Muslims and Jews in America: Commonalities, Contentions, and Complexities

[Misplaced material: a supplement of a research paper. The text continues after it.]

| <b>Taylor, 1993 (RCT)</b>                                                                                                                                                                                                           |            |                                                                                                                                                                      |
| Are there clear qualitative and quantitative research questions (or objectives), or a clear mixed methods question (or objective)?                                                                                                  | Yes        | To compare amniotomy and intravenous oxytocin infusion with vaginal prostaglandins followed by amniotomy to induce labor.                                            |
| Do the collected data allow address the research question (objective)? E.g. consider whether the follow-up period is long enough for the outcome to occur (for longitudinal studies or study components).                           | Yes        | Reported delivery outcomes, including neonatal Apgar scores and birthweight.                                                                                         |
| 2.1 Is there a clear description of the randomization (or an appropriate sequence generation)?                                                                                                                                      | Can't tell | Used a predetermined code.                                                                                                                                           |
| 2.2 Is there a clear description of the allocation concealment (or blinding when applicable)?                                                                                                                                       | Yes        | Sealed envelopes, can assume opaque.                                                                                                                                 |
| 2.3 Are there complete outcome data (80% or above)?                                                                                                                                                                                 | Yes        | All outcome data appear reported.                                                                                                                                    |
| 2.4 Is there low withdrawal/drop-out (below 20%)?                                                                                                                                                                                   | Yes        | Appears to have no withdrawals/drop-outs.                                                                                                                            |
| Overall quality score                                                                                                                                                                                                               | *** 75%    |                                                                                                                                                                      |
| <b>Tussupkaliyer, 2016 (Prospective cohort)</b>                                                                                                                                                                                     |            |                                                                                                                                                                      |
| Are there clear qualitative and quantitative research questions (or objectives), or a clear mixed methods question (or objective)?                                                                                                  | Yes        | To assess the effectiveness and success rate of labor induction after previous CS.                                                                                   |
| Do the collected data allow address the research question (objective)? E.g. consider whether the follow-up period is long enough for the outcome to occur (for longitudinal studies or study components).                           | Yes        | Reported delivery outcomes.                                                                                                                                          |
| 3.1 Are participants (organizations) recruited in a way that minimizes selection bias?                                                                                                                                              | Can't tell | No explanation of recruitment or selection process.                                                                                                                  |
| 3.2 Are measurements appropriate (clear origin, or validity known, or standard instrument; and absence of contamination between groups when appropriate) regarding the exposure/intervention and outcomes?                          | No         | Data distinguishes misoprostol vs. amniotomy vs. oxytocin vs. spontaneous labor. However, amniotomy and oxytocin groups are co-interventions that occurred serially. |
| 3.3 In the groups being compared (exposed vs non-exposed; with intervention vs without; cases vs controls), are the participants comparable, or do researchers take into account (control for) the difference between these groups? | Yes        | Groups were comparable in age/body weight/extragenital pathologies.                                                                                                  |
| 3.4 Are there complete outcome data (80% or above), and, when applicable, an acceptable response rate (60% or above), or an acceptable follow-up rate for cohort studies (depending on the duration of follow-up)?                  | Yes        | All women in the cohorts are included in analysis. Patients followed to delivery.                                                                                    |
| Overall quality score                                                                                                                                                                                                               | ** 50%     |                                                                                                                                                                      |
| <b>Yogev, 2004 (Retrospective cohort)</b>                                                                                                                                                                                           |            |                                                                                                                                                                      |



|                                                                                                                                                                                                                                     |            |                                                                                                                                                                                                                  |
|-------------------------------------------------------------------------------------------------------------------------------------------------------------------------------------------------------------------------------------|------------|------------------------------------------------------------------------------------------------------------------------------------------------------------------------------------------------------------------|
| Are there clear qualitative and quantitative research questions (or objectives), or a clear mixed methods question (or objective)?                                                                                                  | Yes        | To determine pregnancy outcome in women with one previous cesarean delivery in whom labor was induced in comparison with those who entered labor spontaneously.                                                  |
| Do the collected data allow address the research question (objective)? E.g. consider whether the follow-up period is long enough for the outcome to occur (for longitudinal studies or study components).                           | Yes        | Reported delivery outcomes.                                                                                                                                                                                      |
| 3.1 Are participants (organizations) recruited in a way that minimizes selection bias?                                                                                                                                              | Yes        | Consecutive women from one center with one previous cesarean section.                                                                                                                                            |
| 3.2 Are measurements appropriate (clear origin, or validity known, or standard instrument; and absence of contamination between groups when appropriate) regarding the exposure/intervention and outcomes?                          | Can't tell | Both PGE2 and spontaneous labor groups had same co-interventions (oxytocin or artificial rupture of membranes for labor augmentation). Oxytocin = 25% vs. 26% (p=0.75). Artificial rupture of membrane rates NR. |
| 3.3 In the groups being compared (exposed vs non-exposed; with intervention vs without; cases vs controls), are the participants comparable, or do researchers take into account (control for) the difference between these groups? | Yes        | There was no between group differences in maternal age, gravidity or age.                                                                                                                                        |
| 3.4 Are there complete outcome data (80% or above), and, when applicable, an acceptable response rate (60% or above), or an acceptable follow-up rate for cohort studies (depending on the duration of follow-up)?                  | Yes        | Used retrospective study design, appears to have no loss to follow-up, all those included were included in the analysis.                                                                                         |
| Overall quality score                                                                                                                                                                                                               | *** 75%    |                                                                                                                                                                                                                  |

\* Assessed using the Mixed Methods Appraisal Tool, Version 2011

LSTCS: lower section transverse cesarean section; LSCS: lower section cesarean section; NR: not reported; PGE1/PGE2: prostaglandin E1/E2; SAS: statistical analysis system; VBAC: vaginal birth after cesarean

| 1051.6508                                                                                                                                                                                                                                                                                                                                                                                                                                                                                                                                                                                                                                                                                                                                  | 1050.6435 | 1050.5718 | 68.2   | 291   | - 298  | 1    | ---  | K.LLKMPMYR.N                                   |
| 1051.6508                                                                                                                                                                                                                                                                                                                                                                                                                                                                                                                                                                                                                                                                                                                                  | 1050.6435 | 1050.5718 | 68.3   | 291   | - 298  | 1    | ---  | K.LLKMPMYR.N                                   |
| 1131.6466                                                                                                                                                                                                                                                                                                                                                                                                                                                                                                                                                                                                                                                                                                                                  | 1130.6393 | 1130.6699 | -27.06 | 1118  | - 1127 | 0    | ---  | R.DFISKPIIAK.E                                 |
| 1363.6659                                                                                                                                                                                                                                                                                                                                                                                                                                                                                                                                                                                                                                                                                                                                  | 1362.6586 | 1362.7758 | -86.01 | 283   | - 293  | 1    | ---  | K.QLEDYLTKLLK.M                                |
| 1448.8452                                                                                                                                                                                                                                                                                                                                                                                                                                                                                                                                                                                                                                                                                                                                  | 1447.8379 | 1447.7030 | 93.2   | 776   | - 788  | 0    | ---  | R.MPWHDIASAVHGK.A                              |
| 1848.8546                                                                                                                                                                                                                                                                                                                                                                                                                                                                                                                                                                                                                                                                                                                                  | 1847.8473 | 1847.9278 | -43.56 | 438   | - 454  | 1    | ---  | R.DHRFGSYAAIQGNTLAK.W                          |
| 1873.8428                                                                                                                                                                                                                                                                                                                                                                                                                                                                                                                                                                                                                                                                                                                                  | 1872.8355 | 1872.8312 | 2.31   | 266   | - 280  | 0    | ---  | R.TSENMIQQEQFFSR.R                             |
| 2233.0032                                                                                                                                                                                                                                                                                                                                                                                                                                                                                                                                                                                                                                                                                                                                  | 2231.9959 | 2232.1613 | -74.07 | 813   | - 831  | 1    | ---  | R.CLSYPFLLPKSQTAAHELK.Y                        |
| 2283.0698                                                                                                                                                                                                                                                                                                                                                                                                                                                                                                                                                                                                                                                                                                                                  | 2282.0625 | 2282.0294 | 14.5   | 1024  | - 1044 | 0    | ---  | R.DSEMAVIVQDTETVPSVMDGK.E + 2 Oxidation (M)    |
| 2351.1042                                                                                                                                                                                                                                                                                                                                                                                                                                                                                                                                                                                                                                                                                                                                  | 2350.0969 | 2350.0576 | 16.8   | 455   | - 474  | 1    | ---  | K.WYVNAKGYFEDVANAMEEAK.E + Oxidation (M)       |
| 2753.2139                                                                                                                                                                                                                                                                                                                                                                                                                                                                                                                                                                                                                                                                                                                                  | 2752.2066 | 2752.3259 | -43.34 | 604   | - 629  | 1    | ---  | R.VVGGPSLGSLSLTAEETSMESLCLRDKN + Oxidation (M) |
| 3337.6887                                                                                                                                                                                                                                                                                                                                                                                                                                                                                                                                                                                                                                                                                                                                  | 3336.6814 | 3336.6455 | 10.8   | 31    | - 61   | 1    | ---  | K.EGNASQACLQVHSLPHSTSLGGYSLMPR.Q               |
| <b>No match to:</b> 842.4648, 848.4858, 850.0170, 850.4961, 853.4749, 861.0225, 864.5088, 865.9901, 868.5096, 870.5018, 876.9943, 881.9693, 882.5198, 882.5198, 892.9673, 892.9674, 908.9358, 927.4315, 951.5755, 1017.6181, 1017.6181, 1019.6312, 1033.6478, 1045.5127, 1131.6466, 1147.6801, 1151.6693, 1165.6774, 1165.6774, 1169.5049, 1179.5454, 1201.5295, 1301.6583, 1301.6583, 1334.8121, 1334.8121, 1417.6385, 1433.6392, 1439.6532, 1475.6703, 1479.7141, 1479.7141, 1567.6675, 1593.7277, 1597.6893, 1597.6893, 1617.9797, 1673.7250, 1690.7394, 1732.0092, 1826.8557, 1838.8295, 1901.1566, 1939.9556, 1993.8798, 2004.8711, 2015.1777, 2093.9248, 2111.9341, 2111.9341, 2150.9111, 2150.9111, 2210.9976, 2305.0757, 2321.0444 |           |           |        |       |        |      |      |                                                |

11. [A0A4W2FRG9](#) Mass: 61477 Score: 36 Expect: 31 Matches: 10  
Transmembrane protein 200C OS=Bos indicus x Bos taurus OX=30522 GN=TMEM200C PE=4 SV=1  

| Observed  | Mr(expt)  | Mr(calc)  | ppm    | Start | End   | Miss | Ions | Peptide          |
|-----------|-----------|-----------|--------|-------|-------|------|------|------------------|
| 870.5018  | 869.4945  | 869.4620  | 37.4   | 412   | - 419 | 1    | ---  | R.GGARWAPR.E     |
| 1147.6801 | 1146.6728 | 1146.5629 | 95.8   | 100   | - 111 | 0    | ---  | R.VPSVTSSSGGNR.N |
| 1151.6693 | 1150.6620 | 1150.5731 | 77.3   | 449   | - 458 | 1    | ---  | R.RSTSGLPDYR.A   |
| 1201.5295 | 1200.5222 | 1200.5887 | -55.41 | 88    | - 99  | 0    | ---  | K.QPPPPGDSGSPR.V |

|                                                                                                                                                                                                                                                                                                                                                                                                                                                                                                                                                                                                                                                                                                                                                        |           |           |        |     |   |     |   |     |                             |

Jews and Muslims make up less than 3% of the total population of the United States. Yet, despite their relatively small numbers, the members of these ... Show synopsis Jews and Muslims make up less than 3% of the total population of the United States. Yet, despite their relatively small numbers, the members of these two minority groups often find themselves the focus of a disproportionate amount of media attention, particularly when it comes to the Israeli-Palestinian conflict. Beyond such international issues, American Jews and American Muslims find themselves struggling with similar inter-communal concerns when it comes to matters like education (for example tensions between student populations of Jews and Muslims on university campuses), politics (such as the swearing in of the first Muslim Congressman in the House of Representatives, Keith Ellison, or the omnipresent emails and robo-calls linking President Obama to the Muslim community that emerged during the 2008 Presidential election), or even pop culture (think of such recent Hollywood productions as "Kingdom in Heaven," "Munich," "Paradise Now," and "Traitor," to name but a few). In all of these matters, American Jews and American Muslims have consistently engaged each other in conversation - whether directly or indirectly; constructive or not - in ways that have usually eluded their co-religionists throughout the rest of the world. This has partly to do with America's ethos as a "melting pot" of different religions, ethnicities, and cultures. But it also has to do with the innovative ways in which Judaism and Islam have absorbed, and been radically altered, by the so-called "American experience." This book is an exploration of contemporary Jewish-Muslim relations in the United States and the distinct and often creative ways in which these two communities interact with one another in the American context. Each essay discusses a different episode from the recent twentieth and current twenty-first century American milieu that links these two groups together. Some deal with case examples of local inter-communal interaction, such as "dialogue groups," which can help us better understand national trends of similar activities in other parts of the country. Others focus on national trends themselves, thus giving us greater insights into individual incidents.